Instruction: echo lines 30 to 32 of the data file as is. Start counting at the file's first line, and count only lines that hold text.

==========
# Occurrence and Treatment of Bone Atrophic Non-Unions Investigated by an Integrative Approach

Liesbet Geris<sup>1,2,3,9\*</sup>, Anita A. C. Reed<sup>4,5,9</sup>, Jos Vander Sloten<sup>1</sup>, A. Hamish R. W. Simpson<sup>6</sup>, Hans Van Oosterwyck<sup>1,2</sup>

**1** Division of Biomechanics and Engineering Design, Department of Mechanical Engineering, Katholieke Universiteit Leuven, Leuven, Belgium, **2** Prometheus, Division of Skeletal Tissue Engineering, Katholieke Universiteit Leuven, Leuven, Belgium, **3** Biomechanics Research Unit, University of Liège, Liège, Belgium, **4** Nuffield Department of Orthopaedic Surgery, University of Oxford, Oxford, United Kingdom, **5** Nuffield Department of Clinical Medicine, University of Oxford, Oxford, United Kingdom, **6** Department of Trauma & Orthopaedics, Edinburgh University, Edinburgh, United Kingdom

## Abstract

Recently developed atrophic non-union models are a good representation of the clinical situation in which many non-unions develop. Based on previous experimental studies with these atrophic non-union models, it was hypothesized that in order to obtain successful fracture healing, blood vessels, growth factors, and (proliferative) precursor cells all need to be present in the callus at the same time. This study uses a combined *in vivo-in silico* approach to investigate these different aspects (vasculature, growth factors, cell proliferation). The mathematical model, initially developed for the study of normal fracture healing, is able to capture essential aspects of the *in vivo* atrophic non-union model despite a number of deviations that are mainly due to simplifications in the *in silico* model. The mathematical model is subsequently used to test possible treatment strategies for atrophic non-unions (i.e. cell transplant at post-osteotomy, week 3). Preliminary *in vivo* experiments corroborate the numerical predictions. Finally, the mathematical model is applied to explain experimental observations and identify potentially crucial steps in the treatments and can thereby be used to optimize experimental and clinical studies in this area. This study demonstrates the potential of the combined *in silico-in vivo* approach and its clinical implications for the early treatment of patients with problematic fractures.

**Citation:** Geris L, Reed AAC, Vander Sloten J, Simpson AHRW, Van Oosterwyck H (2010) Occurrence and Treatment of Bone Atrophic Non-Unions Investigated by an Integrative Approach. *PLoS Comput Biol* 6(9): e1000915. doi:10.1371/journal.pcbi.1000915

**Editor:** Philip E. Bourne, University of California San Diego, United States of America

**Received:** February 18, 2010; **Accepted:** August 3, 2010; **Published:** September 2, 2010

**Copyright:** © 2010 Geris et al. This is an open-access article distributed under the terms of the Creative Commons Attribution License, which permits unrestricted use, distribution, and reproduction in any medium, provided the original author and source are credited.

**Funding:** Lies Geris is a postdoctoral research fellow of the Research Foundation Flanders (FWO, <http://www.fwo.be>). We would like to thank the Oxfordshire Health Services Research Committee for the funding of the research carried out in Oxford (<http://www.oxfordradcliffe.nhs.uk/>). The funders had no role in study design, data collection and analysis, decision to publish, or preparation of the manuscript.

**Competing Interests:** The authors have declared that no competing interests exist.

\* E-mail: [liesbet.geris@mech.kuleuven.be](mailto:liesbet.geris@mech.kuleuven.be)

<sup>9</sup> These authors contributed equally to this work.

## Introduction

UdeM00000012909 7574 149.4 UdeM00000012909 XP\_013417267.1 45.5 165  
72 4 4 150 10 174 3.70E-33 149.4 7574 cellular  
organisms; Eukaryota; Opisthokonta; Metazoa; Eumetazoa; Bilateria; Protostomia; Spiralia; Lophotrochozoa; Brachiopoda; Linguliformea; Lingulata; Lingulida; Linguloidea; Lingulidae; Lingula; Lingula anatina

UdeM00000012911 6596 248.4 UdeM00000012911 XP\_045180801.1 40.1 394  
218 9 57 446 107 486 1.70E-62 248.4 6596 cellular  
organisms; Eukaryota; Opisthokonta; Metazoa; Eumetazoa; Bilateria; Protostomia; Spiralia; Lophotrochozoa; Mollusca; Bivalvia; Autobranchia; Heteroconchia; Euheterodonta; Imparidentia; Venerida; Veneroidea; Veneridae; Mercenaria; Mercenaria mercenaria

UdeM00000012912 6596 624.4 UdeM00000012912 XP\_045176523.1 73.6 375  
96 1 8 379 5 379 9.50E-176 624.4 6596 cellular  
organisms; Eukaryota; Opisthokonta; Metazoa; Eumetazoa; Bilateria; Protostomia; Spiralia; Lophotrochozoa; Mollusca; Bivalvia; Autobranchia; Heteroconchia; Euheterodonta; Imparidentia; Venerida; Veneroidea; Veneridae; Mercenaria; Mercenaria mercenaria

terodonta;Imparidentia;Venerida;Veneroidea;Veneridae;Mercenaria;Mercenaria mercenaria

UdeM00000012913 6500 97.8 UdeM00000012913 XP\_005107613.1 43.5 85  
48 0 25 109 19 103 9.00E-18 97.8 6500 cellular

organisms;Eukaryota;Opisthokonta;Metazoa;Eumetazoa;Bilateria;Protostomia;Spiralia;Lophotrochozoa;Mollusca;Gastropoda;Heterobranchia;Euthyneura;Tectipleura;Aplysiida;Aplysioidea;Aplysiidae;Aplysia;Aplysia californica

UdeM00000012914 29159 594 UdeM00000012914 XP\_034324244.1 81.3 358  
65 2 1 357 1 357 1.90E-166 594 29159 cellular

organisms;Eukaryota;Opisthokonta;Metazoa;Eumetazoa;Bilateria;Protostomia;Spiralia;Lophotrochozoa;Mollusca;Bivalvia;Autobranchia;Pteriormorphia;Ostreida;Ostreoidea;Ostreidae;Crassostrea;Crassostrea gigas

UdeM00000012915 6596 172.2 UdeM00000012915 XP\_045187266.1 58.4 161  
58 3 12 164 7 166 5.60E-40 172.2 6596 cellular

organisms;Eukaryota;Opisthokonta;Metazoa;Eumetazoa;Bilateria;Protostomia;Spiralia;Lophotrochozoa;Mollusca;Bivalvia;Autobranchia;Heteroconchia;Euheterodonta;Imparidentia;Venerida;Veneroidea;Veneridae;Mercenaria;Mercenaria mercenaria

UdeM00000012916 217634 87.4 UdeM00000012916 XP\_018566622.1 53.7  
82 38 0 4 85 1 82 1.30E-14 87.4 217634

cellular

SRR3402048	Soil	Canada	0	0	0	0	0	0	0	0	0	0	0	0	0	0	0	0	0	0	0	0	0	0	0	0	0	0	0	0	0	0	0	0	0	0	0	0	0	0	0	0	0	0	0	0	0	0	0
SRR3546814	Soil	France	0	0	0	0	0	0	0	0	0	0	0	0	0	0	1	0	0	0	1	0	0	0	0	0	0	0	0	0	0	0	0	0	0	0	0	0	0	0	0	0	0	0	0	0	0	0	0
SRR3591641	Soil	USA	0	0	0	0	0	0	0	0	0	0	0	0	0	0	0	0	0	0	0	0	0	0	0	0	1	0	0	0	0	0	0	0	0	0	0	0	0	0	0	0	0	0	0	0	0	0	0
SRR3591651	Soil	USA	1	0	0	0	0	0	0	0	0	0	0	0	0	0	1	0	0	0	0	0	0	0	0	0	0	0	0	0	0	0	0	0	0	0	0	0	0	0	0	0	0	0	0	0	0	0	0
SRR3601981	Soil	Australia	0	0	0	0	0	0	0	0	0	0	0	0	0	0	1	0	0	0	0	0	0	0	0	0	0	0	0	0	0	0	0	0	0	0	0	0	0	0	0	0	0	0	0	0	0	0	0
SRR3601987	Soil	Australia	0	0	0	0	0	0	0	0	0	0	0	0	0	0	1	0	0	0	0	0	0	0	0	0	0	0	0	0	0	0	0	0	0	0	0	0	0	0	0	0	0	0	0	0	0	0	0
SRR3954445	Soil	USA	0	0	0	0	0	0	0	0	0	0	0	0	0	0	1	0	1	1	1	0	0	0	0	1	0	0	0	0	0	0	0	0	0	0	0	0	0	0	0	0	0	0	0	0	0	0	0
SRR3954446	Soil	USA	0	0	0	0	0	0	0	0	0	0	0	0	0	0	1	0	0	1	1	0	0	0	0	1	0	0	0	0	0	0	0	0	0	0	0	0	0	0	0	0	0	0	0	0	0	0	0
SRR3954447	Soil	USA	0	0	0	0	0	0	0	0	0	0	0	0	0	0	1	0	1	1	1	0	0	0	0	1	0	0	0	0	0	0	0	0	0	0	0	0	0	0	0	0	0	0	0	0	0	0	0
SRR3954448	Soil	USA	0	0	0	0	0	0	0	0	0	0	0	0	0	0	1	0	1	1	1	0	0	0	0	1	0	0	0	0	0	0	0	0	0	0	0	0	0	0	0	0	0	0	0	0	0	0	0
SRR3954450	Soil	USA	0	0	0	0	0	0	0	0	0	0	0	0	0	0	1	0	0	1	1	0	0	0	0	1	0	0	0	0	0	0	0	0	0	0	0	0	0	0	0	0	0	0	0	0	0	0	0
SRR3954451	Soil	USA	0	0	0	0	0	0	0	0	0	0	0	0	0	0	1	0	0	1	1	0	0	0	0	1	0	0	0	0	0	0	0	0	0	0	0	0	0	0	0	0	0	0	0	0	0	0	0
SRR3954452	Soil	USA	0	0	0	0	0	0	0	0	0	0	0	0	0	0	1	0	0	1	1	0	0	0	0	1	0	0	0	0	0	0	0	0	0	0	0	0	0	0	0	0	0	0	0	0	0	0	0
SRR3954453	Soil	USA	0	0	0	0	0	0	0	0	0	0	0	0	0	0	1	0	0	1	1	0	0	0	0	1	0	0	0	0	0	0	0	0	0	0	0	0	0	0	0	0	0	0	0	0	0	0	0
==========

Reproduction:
organisms;Eukaryota;Opisthokonta;Metazoa;Eumetazoa;Bilateria;Protostomia;Spiralia;Lophotrochozoa;Mollusca;Bivalvia;Autobranchia;Pteriormorphia;Ostreida;Ostreoidea;Ostreidae;Crassostrea;Crassostrea gigas

UdeM00000012915 6596 172.2 UdeM00000012915 XP\_045187266.1 58.4 161  
58 3 12 164 7 166 5.60E-40 172.2 6596 cellular